5 The Mesothelioma Lump Sum Payments (conditions ions and amounts) (Amendment) Regulation 2010 This amendment increases the rates of payments made under the Mesothelioma Lump Sum Payments (conditions and amounts) Regulations 2008 (which pays lump sums to people with mesothelioma) with corresponding higher rates payable under the Pneumoconiosis etc (Worker s Compensation) Act 1979 (which pays lump sums to people with various dust related diseases, including mesothelioma). The new rates apply to: To those diagnosed with mesothelioma on or after the 1 April Claims made after the 1 April 2010 where the date of diagnosis cannot be identified. A claim made by a dependent where the sufferer died on or after the 1 April From the 1 April 2010, all dependents rates have been increased by 5,000 unless this would mean that the dependent would be paid more than the sufferer if he had claimed in life. The intention has always been that payments under these Regulations should mirror those made under the Pneumoconiosis etc (Workers Compensation) Act. Second bite of the cherry? Can a Claimant sue successfully for damages for mesothelioma where a previous claim for pleural plaques was settled on a full and final basis? We recently obtained discontinuance of a mesothelioma claim valued at over 300,000 which was pursued on behalf of the Deceased s estate. Several years earlier (1993), the Deceased had prior to his death settled his claim for pleural plaques against five employers on a full and final settlement basis. That claim was compromised in the sum of 7,500. The mesothelioma claim was being pursued against the Defendant as occupier and controller of a site where the Deceased had worked for a very short time whilst employed by an employer who was not sued in the previous pleural plaques action. Some papers from the first action were located including the Consent Order setting out the terms of settlement. Some witness evidence to undermine the evidence served on behalf of the Claimant on the issue of breach of duty was also obtained. The main issue however was whether the earlier concluded agreement in the pleural plaques claim now prevented a further claim for damages for mesothelioma. The principles to be applied are found in the House of Lords decisions of Jameson v Central Electricity E Generating Board (Defendant), and another, HL,  and Heaton, Cheetham and Taylor v Axa Equity & Law Life Assurance Society Plc and another, , UK HL 15. Mr Jameson sued his employer Babcock for damages for mesothelioma caused by exposure to asbestos dust during his employment with them whilst working at premises occupied by CEGB. Just before his death a compromise settlement of 80,000 was achieved, (the full value was later put at 130,000). After his death, the executors of the estate sued CEGB as occupiers for the widow s dependency. The House of Lords found the claim against CEGB was extinguished by the previous settlement with Babcock.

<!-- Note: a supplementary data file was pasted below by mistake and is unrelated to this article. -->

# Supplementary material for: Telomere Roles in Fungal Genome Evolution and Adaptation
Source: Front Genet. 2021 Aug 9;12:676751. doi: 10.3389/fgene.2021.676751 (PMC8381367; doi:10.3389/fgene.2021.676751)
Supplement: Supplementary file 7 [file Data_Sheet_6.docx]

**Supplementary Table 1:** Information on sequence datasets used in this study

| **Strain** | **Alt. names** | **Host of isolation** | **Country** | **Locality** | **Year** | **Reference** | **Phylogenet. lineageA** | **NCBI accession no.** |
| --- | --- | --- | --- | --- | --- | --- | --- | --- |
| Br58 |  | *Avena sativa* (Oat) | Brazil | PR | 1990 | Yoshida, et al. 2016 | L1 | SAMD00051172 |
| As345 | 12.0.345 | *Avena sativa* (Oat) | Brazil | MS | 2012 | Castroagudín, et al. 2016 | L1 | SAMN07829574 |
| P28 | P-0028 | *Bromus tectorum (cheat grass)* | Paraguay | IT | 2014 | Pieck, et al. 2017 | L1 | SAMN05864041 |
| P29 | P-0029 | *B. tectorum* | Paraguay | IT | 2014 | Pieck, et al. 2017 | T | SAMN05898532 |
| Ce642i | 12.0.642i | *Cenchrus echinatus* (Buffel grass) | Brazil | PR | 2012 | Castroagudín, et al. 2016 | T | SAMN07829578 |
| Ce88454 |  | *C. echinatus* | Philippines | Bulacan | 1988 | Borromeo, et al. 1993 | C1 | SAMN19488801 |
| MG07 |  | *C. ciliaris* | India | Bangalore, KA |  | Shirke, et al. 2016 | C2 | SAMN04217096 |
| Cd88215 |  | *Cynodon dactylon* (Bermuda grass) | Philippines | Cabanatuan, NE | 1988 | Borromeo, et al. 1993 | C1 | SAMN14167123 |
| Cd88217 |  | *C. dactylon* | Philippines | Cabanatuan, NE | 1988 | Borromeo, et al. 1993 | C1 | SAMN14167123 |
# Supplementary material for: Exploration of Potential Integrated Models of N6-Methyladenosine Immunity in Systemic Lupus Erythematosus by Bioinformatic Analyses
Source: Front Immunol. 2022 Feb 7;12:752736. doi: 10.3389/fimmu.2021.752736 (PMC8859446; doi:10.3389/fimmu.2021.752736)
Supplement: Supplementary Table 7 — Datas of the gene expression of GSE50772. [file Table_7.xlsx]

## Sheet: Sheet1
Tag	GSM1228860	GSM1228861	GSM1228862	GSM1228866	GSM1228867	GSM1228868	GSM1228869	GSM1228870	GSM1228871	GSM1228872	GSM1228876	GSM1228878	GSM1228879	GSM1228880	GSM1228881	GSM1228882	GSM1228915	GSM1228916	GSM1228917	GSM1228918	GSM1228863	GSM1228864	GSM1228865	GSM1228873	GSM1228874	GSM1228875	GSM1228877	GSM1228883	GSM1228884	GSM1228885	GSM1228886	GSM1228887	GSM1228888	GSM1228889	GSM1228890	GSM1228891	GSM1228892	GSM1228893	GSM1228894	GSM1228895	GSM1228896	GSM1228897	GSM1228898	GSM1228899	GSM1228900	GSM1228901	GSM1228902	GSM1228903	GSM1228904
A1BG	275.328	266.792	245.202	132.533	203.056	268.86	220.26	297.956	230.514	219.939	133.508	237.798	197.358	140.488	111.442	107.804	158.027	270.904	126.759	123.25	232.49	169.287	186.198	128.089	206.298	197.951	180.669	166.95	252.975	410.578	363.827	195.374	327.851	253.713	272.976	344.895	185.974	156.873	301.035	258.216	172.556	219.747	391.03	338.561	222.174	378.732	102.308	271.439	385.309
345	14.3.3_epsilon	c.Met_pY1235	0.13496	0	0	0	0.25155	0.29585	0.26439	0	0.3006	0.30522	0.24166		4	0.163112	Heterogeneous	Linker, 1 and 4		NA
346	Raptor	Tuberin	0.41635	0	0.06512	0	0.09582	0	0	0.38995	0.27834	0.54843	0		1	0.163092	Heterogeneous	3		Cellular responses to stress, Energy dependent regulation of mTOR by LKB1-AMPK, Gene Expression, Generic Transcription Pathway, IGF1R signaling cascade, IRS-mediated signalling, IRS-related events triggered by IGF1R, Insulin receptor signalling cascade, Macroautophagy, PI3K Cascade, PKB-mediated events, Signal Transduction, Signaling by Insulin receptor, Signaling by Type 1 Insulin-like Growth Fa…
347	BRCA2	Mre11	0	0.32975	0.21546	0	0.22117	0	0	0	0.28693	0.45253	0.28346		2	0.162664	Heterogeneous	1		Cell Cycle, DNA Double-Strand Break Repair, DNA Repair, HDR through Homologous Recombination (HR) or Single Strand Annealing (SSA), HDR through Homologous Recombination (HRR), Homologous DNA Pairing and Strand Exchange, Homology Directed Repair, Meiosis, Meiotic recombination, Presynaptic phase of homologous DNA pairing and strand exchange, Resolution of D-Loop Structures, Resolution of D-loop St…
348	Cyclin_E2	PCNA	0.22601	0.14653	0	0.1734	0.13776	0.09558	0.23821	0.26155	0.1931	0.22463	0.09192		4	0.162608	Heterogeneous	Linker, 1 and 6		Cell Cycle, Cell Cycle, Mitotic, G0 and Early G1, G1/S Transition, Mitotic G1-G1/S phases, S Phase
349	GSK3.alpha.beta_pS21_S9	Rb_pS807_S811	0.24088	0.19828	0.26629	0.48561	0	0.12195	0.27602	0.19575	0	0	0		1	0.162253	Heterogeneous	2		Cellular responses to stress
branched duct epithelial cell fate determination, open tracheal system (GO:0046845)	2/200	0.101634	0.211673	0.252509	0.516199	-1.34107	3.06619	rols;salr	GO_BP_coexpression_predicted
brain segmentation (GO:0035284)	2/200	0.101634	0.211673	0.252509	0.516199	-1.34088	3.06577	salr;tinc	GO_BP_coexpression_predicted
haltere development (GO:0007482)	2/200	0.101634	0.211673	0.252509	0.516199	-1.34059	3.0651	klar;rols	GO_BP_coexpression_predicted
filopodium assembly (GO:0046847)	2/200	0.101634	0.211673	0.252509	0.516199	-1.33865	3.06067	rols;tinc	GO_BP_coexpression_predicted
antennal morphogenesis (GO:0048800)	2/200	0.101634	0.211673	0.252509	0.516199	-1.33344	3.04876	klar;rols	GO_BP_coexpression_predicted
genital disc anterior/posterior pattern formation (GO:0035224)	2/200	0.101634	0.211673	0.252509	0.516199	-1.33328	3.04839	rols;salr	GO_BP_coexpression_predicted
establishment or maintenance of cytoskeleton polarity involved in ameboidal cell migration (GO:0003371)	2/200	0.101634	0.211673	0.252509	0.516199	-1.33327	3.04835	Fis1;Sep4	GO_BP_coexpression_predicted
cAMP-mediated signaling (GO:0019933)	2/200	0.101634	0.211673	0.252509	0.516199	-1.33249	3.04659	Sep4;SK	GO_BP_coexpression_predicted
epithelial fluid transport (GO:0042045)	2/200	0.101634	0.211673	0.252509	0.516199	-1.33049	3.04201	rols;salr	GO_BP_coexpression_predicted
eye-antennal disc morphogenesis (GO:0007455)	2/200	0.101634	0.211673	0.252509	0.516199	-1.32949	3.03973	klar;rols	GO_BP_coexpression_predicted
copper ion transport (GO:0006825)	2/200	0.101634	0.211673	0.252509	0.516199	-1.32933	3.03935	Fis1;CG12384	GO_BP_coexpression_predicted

6 The case of Heaton involved a complicated set of contractual agreements. Put very simply, in Heaton allegations of misconduct and misselling made against the (Claimants)/Respondents resulted in Proceedings and a counter claim involving those who originally made the allegations and a further two sets of Proceedings involving the (Defendants)/Appellants which largely related to actions they took as a consequence of the original allegations made. The first action settled by compromise with the terms of settlement set out in a Consent Order for 10 million. Included in that claim was a claim relating to loss and damage caused to the Claimants by actions of the Defendants/Appellants referred to above. In a third set of Proceedings issued by the Claimants against the Defendants (the subject of the appeal), the Defendants contended that the 10 million settlement in the original claim against those who first made the allegations of misconduct discharged the claim against them. However they did not retract the allegations they made and acknowledged the Claimants reputation and integrity would be affected if the allegations were not withdrawn. The House of Lords held that the principles in Jameson, could apply to a case like Heaton, although Heaton concerned consecutive breaches of separate contracts. It was necessary to decide whether the Claimant had received damages in full measure for the loss claimed. In Heaton it was held that the claim against the Defendants/Appellants was not wholly extinguished by the earlier settlement. The Particulars of loss and damage went beyond those involved in the earlier action. Whilst the further damages recovered would be small, the claim was not wholly satisfied by the earlier settlement. The starting point according to Lord Lloyd in Jameson was to ask whether what is being considered is joint torts or concurrent torts, that is separate causes of action each contributing to the same damage (as in Jameson). The CEGB and Babcock had caused the same harm. He accepted it would seem unjust for a Claimant to be unable to sue two separate tortfeasors for each separate cause of action but it was decided if one settles the whole of his loss, each being jointly and severally liable for the whole amount, that is the end of it. How then do you decide whether the claim has been satisfied in full measure when the House in both Heaton and Jameson acknowledged that compromise settlements which were to be encouraged, and could be less than the full value could still be in full satisfaction or for full measure? It was accepted that many settlements are compromised at discount for a variety of reasons to include the risks of litigation. In Jameson the compromised settlement of 80,000 was significantly less than the full value of 130,000. It was held that: If settlement is achieved following a Court Judgment award it would be for full measure. Otherwise it is crucial to consider the facts surrounding the claim to include what was claimed and the terms of the compromise agreement to see if the terms of settlement showed the parties intended the settlement sum should be in full and final satisfaction of the wrong done. In Jameson a claim for the same period of exposure and damage (mesothelioma) was already pursued against Babcock and settled. The terms of settlement indicated full and final settlement and satisfaction of all the causes of action in respect of which the Plaintiff claims.